Circuits of the Northern Song dynasty
Name Traditional
Pinyin Capital Approximant extent in terms of modern locations
Ancient name Modern location
Chengdufu Chéngd?f? Chengdu central Sichuan
Fujian Fújiàn Fuzhou Fujian
Guangnan East Gu?ngnánd?ng Guangzhou eastern Guangdong
Guangnan West Gu?ngnánx? Guizhou Guilin western Guangdong, Guangxi, Hainan
Hebei East Héb?id?ng Beijing Daming County, Hebei eastern Hebei
Hebei West Héb?ix? Zhending Zhengding County, Hebei western Hebei
Hedong Héd?ng Taiyuan Shanxi
Huainan East Huáinánd?ng Yangzhou central Jiangsu
Huainan West Huáinánx? Shouzhou Fengtai County, Anhui central Anhui
Jiangnan East Ji?ngnánd?ng Jiangning Fu Nanjing southern Anhui
Jiangnan West Ji?ngnánx? Hongzhou Nanchang Jiangxi
Jingdong East J?ngd?ngd?ng Qingzhou Qingzhou, Shandong eastern Shandong
Jingdong West J?ngd?ngx? Nanjing south of Shangqiu, Henan western Shandong
Jinghu North J?nghúb?i Jiangling Hubei, western Hunan
Jinghu South J?nghúnán Tanzhou Changsha Hunan
Jingji J?ngj? Chenliu Chenliu, Kaifeng, Henan Kaifeng and environs
Jingxi North J?ngx?b?i Xijing Luoyang central Henan
Jingxi South J?ngx?nán Xiangzhou Xiangfan southern Henan, northern Hubei
Kuizhou Kuízh?u Kuizhou Fengjie County, Chongqing Chongqing, eastern Sichuan, Guizhou
Liangzhe Li?ngzhè Hangzhou Zhejiang, southern Jiangsu, Shanghai
Lizhou Lìzh?u Xingyuan Hanzhong northern Sichuan, southern Shaanxi
Qinfeng Qínfèng Qinzhou Tianshui southern Gansu
Yongxingjun Y?ngx?ngj?n Jingzhao Xi'an Shaanxi
Zizhou Z?zh?u Zizhou Santai County, Sichuan central southern Sichuan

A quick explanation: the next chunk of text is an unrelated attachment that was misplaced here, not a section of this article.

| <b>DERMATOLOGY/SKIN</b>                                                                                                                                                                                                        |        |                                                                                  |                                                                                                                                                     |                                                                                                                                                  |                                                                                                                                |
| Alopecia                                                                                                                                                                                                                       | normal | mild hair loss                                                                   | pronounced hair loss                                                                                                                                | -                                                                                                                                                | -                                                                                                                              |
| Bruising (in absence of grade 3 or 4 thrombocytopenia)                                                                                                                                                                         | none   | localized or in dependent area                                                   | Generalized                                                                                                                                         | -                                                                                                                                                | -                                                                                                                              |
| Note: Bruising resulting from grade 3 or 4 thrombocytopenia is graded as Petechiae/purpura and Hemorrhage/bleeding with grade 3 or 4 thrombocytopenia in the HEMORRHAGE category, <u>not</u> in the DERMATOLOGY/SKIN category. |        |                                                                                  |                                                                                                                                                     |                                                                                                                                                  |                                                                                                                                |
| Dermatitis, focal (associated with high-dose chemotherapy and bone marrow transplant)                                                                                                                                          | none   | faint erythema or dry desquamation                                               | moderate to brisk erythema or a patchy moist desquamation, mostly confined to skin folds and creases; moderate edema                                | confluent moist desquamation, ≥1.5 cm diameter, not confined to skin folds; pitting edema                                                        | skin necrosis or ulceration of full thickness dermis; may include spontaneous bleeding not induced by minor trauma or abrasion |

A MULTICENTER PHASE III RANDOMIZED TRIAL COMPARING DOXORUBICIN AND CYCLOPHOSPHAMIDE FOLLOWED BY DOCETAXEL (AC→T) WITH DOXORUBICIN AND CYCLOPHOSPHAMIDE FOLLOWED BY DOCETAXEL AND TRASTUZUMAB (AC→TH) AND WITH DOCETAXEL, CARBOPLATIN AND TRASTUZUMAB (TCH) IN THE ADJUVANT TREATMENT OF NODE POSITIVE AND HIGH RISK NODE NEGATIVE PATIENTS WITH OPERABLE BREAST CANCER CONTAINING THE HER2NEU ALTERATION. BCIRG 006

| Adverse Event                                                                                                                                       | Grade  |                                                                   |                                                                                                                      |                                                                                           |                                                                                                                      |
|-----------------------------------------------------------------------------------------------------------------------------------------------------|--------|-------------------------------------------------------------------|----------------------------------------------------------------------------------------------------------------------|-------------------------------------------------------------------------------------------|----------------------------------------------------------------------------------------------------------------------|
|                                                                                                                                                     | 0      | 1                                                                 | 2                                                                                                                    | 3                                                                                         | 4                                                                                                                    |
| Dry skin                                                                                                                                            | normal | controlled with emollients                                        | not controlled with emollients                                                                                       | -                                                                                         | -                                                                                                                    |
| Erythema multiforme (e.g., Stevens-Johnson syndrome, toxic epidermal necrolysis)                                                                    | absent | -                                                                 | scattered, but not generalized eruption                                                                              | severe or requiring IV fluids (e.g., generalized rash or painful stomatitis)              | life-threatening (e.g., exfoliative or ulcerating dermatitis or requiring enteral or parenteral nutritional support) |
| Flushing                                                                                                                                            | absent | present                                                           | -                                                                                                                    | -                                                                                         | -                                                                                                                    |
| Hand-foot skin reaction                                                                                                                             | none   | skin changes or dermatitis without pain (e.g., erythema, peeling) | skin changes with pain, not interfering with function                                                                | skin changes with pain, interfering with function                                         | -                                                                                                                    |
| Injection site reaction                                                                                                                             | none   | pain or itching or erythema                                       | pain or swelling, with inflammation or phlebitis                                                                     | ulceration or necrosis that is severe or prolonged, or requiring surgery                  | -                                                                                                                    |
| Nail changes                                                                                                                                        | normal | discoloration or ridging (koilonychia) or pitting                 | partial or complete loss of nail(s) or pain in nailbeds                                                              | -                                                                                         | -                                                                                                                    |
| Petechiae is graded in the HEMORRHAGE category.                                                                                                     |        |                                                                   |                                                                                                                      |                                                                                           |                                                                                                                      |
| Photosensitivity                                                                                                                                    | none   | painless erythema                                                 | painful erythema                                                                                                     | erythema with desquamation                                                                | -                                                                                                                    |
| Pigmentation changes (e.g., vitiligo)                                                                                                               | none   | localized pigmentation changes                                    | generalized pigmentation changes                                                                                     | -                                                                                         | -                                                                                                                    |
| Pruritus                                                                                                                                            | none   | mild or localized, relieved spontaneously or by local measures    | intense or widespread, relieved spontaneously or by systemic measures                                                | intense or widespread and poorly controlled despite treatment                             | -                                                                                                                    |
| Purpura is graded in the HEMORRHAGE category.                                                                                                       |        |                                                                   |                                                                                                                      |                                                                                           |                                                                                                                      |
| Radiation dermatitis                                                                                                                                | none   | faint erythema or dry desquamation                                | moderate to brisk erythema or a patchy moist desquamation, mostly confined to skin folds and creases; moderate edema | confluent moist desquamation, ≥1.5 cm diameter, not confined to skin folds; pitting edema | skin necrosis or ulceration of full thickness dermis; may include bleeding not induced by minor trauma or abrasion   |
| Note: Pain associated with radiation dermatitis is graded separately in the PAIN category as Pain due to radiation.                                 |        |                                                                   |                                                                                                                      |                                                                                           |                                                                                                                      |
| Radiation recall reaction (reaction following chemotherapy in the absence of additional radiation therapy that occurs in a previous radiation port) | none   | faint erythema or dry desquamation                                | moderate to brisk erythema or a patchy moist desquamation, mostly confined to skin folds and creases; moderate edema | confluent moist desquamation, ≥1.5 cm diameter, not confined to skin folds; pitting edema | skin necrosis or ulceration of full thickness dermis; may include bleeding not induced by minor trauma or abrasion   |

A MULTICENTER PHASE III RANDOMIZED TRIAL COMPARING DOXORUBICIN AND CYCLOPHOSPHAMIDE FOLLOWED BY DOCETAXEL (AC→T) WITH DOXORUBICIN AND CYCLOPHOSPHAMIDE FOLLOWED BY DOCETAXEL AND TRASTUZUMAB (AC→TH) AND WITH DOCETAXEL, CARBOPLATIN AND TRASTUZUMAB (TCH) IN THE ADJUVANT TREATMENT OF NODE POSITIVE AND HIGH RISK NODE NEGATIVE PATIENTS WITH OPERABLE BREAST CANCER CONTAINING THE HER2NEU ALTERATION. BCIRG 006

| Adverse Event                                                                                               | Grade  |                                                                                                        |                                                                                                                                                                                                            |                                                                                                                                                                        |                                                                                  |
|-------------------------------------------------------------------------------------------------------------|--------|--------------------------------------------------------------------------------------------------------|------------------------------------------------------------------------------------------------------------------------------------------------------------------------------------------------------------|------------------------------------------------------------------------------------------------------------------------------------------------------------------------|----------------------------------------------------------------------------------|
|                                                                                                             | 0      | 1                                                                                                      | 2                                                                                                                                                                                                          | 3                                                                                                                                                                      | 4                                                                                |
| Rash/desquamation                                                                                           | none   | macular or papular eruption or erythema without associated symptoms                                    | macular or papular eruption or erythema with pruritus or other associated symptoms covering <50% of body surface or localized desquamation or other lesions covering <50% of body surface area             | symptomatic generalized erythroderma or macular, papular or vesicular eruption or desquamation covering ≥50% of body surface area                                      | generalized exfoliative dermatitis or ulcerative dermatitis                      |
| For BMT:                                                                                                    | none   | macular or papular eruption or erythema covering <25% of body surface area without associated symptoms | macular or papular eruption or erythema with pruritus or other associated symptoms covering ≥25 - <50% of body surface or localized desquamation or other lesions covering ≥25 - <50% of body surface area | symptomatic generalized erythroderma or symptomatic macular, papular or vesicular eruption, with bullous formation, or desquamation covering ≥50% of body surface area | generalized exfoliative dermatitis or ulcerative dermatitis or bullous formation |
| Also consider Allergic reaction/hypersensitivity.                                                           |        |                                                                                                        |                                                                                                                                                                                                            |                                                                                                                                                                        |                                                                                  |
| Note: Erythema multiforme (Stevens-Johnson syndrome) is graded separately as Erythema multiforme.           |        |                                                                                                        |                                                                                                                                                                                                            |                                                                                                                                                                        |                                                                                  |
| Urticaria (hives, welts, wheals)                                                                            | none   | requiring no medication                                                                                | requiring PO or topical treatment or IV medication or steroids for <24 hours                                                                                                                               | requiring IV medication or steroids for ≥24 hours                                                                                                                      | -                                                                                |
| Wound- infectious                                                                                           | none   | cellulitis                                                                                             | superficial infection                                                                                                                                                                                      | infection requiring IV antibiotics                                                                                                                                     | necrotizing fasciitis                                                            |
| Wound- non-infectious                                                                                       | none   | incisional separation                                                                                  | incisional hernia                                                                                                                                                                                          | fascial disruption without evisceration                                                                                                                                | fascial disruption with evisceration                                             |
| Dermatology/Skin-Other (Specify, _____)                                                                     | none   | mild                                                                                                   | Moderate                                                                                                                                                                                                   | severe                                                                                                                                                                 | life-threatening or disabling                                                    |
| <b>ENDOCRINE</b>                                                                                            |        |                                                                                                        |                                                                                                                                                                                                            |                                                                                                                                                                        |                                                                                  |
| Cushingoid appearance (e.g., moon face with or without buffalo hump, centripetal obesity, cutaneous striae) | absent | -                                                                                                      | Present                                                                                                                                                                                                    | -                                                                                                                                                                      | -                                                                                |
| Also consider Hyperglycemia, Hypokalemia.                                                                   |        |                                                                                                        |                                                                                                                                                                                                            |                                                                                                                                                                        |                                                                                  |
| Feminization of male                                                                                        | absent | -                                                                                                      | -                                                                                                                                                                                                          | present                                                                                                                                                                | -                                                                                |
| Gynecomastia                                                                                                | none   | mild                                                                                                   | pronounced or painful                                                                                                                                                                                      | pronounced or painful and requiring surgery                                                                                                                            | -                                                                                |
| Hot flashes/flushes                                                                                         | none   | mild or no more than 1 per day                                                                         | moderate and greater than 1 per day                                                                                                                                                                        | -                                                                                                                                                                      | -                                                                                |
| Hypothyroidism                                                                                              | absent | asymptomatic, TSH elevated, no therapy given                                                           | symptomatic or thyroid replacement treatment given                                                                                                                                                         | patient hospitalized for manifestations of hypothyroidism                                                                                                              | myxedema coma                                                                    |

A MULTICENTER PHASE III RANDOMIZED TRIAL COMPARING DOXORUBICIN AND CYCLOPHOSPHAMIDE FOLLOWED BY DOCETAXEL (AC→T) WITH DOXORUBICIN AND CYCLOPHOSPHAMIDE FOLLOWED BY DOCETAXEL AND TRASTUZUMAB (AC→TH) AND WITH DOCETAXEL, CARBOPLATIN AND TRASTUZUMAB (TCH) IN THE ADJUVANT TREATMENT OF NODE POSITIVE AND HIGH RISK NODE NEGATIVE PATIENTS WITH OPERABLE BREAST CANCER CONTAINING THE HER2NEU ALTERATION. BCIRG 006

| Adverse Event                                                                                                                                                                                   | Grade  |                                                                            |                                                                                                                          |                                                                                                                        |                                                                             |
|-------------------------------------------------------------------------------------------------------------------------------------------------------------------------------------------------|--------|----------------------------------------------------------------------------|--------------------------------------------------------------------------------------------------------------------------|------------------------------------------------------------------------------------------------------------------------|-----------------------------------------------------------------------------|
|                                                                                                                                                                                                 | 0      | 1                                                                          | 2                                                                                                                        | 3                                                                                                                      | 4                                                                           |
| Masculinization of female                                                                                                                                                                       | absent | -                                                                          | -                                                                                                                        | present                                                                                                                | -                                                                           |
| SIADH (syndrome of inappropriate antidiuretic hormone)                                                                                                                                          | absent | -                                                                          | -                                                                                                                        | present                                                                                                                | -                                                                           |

Yuan provinces

Yuan provinces, ca. 1330

China was reorganised into 11 provinces keeping most of the previous boundaries of provinces created by the previous dynasty unchanged, the Yuan Dynasty (1271-1368) had 2 addition regions: Central region ruled by the Zhongshu Sheng () and the Tibetan region ruled by the Bureau of Buddhist and Tibetan Affairs ().

Circuits of the Yuan dynasty
Name Traditional
Pinyin Capital Approximant extent in terms of modern locations
Ancient name Traditional
Pinyin Modern location
Gansu G?nsù Ganzhou Circuit G?nzh?u Lù Zhangye Consist of modern location of Gansu, Ningxia, & eastern Inner Mongolia.
Huguang Húgu?ng Wuchang Circuit W?ch?ng Lù Wuhan Consist of modern location of Hunan, Guangxi, Guizhou, Hainan,
southern Hubei & western Guangdong.
Henanjiangbei ? Hénánji?ngb?i Bianliang Circuit Biànliáng Lù Kaifeng Consist of modern location of Henan, northern Hubei, northern Jiangsu, & northern Anhui.
Jiangxi Ji?ngx? Longxing Circuit Lóngxìng Lù Nanchang Consist of modern location of Jiangxi & eastern Guangdong.
Jiangzhe Ji?ngzhè Hangzhou Circuit Hángzh?u Lù Hangzhou Consist of modern location of Shanghai, Zhejiang, Fujian, southern Jiangsu, & southern Anhui.
Liaoyang Liáoyáng Liaoyang Circuit Liáoyáng Lù Liaoyang Consist of modern location of Heilongjiang, Jilin, Liaoning, eastern Hebei,
northwestern Inner Mongolia, northern Korea, & Outer Manchuria.
Lingbei L?ngb?i Hening Circuit Héníng Lù Kharkhorin Consist of modern location of Mongolia & southern Siberia.
Shaanxi Sh?nxi Fengyuan Circuit Fèngyuán Lù Xi'an Consist of modern location of Shaanxi & mid-western Sichuan
Sichuan Sìchu?n Chengdu Circuit Chéngd? Lù Chengdu Consist of modern location of western Sichuan & Chongqing